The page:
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Commerce refers generally to the activity of exchanging products, goods, and services for financial gain. The word commerce usually is used to mean economic activity broadly on a national or other large scale. Commerce can be used in many contexts but is most commonly used by governments in their constitutions and laws to define the authority of the government to regulate commerce activity. The commerce clause in the Constitution of the United States gives the federal government the ability to govern many aspects of commerce in the country, and the commerce clause is the foundation for a large portion of legislative activity by Congress in recent history. For more information on the commerce clause including its coverage and limitations, click here.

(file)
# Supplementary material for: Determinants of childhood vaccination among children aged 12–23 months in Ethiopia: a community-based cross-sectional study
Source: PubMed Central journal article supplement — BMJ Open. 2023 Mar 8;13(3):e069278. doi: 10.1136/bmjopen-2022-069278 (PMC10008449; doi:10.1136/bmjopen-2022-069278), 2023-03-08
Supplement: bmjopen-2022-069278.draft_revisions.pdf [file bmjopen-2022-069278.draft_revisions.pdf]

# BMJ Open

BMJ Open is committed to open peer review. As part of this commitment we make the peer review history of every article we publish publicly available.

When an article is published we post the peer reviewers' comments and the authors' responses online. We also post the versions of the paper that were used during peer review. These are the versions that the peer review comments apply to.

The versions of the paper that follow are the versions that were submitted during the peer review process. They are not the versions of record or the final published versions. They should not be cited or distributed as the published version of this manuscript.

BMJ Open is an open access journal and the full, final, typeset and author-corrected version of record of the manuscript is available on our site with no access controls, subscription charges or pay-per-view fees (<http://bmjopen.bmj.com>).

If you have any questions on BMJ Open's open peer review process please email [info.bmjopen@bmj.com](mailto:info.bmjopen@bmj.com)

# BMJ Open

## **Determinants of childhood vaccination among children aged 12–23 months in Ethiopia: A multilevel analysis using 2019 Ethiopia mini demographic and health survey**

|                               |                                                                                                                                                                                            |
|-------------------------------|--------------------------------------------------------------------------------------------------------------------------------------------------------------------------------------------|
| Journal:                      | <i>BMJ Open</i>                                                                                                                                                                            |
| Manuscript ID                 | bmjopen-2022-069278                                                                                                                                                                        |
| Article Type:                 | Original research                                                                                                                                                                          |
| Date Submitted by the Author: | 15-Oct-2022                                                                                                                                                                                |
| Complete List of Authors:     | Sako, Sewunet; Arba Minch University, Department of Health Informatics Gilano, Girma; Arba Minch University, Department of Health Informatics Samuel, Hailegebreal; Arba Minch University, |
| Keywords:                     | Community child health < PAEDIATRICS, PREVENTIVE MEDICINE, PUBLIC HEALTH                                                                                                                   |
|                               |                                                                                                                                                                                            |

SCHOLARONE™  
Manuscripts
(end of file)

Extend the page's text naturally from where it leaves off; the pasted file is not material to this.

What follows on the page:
One federal statute defines commerce as: “the exchanging, buying, or selling of things having economic value between two or more entities, for example goods, services, and money.  Commerce is often done on a large scale, typically between individuals, businesses, or nations.” 

See: 15 U.S.C. §1127

[Last updated in February of 2022 by the Wex Definitions Team]